How The Great Indian Kitchen represents invisible female labour
The Great Indian Kitchen has the arc of an inspirational story where the inherent reward resides in watching an individual break free from all the odds stacked against them.
I can recognise my mother’s bare hands in a crowd: her nails unevenly broken at the sides, their colour blanched and her palms dipped in a tinge of yellow. Like she secretly carries turmeric in them. This is an enduring image, also a familiar one. All elderly women in my household, my aunts and now my sister married for over a year, have hands like these. Growing up when Ma came to bed to put me to sleep and rest, she would place her palm on my forehead. I still remember that smell– a stifling admixture of food and detergent, so different from mine like we had separate meals. That nagging whiff remains as if all soaps in the intervening years had conceded defeat. In more than one instance in The Great Indian Kitchen, the newly-married girl smells her hand after cooking and swabbing the floor. A faint sense of disgust betrays her face. She says nothing but I knew what it smelt like.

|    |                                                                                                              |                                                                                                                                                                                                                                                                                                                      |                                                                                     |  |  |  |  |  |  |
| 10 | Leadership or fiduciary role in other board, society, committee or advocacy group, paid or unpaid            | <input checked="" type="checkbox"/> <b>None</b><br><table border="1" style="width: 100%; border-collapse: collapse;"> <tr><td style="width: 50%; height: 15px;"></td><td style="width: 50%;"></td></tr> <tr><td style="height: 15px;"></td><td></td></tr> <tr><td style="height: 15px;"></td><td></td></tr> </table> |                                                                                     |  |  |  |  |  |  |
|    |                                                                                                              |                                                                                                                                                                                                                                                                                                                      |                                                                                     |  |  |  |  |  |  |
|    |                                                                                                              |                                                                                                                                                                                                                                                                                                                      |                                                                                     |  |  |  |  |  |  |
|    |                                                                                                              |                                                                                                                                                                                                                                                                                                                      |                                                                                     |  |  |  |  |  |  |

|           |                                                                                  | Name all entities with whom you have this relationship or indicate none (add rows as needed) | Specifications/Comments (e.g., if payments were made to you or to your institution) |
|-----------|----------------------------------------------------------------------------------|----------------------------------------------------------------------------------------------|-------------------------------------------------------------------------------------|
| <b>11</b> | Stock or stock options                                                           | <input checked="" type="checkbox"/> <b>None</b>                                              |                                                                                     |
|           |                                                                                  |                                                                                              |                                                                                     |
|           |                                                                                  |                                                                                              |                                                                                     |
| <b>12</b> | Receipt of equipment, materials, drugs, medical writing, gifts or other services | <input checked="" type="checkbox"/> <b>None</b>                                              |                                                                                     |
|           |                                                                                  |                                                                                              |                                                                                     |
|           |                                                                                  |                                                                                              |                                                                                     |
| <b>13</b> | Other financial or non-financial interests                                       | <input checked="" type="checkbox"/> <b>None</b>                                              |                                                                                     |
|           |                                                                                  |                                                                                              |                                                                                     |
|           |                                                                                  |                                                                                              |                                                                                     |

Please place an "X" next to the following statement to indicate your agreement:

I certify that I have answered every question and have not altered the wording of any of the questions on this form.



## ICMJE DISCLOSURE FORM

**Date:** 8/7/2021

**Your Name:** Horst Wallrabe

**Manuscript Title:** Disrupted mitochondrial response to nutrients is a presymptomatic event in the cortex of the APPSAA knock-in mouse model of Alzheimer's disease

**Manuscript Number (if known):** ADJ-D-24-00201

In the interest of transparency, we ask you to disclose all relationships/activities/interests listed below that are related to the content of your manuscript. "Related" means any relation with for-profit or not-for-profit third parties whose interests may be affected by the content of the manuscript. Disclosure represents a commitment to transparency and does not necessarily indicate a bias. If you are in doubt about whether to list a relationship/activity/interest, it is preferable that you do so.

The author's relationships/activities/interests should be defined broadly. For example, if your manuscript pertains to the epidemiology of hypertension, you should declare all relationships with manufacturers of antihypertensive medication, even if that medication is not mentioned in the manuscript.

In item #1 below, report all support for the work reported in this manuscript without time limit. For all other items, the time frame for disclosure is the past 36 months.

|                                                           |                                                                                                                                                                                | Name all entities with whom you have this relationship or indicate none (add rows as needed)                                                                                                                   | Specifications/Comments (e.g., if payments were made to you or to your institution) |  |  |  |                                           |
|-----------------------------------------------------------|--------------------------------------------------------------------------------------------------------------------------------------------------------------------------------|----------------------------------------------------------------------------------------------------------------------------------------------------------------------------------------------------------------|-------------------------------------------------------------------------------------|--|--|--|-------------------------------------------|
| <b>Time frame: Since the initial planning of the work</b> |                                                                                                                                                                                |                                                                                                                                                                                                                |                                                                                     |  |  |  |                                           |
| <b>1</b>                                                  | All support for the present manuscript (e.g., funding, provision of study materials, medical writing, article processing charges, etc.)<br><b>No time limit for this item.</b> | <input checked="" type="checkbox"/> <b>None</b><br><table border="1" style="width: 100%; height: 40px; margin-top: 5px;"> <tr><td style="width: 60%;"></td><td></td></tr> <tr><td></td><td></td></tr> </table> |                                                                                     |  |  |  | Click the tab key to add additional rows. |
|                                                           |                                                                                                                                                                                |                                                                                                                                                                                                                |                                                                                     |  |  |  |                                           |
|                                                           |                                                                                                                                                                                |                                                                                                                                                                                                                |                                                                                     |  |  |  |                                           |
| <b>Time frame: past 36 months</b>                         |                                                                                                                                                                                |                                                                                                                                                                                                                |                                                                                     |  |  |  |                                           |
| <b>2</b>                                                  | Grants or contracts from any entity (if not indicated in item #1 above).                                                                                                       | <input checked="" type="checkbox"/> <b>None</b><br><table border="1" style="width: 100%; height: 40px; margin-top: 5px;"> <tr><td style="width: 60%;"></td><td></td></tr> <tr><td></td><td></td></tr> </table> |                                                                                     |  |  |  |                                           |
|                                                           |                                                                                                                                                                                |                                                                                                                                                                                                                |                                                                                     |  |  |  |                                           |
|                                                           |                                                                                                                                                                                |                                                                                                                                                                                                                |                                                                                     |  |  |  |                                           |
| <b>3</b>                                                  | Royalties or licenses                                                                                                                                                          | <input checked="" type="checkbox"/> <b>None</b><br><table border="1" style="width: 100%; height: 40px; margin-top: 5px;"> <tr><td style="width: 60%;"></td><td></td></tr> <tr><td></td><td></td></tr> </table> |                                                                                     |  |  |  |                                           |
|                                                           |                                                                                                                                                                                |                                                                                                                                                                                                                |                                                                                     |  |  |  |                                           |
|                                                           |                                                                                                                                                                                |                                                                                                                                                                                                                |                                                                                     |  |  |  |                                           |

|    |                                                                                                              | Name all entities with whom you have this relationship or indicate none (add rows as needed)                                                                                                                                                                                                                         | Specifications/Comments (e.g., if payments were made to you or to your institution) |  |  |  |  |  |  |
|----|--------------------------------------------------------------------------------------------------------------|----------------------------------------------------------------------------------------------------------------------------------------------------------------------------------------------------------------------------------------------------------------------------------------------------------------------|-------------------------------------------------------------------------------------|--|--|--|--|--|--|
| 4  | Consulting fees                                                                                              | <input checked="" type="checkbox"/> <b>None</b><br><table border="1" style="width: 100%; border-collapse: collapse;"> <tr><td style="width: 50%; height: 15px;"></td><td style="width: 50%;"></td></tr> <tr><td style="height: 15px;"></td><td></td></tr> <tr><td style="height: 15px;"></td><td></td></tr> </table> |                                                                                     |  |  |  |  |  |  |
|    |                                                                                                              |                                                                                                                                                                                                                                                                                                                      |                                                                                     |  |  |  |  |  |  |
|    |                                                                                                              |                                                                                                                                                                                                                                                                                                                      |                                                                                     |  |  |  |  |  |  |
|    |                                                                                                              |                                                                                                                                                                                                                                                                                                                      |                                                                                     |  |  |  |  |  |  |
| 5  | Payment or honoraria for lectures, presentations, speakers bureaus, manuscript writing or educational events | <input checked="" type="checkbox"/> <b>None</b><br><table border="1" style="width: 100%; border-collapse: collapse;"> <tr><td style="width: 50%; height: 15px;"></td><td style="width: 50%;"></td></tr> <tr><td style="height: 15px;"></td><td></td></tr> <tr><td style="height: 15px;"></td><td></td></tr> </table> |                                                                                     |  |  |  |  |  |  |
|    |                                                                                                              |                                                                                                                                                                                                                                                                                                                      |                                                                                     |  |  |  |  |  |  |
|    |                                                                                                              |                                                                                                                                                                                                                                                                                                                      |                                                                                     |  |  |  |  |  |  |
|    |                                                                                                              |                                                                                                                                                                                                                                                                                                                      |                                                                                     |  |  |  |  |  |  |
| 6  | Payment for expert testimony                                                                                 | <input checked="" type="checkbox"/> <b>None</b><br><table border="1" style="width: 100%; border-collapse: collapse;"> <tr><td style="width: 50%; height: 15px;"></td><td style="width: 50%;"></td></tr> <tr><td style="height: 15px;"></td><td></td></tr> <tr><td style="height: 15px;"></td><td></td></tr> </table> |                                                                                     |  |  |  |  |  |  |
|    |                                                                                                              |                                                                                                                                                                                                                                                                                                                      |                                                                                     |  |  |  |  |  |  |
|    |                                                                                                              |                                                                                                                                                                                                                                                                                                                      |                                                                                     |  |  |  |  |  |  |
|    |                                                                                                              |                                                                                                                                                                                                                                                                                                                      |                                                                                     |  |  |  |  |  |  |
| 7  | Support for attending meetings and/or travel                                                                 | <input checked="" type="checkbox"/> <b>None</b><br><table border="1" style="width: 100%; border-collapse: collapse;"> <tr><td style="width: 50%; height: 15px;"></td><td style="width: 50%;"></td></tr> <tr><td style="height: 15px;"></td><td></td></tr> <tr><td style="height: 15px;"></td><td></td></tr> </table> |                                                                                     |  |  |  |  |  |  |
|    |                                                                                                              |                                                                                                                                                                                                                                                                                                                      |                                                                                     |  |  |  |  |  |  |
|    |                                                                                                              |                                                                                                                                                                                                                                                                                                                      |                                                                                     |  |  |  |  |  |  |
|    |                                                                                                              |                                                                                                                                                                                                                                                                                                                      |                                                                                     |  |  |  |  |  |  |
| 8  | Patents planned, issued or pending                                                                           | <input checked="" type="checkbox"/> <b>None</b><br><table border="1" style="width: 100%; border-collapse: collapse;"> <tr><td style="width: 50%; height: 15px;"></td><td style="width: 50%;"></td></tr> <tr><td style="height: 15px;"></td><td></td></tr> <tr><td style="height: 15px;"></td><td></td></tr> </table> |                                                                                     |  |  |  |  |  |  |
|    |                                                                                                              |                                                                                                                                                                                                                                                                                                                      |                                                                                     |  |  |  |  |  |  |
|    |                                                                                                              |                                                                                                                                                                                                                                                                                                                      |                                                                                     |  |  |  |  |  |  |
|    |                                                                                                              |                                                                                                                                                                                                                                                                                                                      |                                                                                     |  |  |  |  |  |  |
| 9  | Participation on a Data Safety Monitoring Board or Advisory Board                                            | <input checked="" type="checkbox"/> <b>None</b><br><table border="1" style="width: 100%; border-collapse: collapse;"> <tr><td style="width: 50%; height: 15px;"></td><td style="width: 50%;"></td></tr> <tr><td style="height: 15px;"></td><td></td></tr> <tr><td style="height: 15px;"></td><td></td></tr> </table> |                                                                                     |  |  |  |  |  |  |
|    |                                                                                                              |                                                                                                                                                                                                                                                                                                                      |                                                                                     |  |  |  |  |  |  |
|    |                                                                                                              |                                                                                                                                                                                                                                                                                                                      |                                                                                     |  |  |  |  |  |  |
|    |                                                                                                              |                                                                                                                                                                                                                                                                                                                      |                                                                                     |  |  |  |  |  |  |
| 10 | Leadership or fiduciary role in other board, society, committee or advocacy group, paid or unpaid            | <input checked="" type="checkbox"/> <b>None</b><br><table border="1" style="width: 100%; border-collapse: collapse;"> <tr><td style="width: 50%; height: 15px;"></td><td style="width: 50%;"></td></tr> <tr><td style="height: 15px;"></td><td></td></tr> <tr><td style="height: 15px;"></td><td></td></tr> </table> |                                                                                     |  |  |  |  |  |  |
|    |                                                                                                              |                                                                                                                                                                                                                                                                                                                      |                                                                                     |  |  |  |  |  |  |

Jeo Baby’s film opens with a great Indian wedding. A couple (Suraj Venjaramoodu and Nimisha Sajayan, none of them is named in the film) is hitched through an arranged set-up. Her husband is smitten and in-laws are far from demonic. Her mother-in-law is particularly caring and kind. It is her absence that puts all pressure squarely on the protagonist. Days begin with preparing breakfast, cleaning tables and afternoons are spent making lunch. The ritual is repeated for dinner. Initially her husband eats at the office canteen but he would prefer carrying tiffin from home. He informs her over the phone, not as a complaint but neither as a request. She agrees. Her father-in-law would prefer it if she grounded masalas by hand and not used the washing machine, especially for his clothes.
A premise such as this is nothing out of the ordinary. In fact, The Great Indian Kitchen could as well have been about two strangers falling in love after marriage. But in such arrangements, it is the emotional upheavals, initial awkwardness followed by growing proximity, which is considered as the only offshoot, especially for women. Jeo departs from this by underlining the unspoken jaggedness embedded in a marriage suffered by women alone, emphasising on the impossibility of depicting their emotional toil without acknowledging its constant counterpart: physical labour.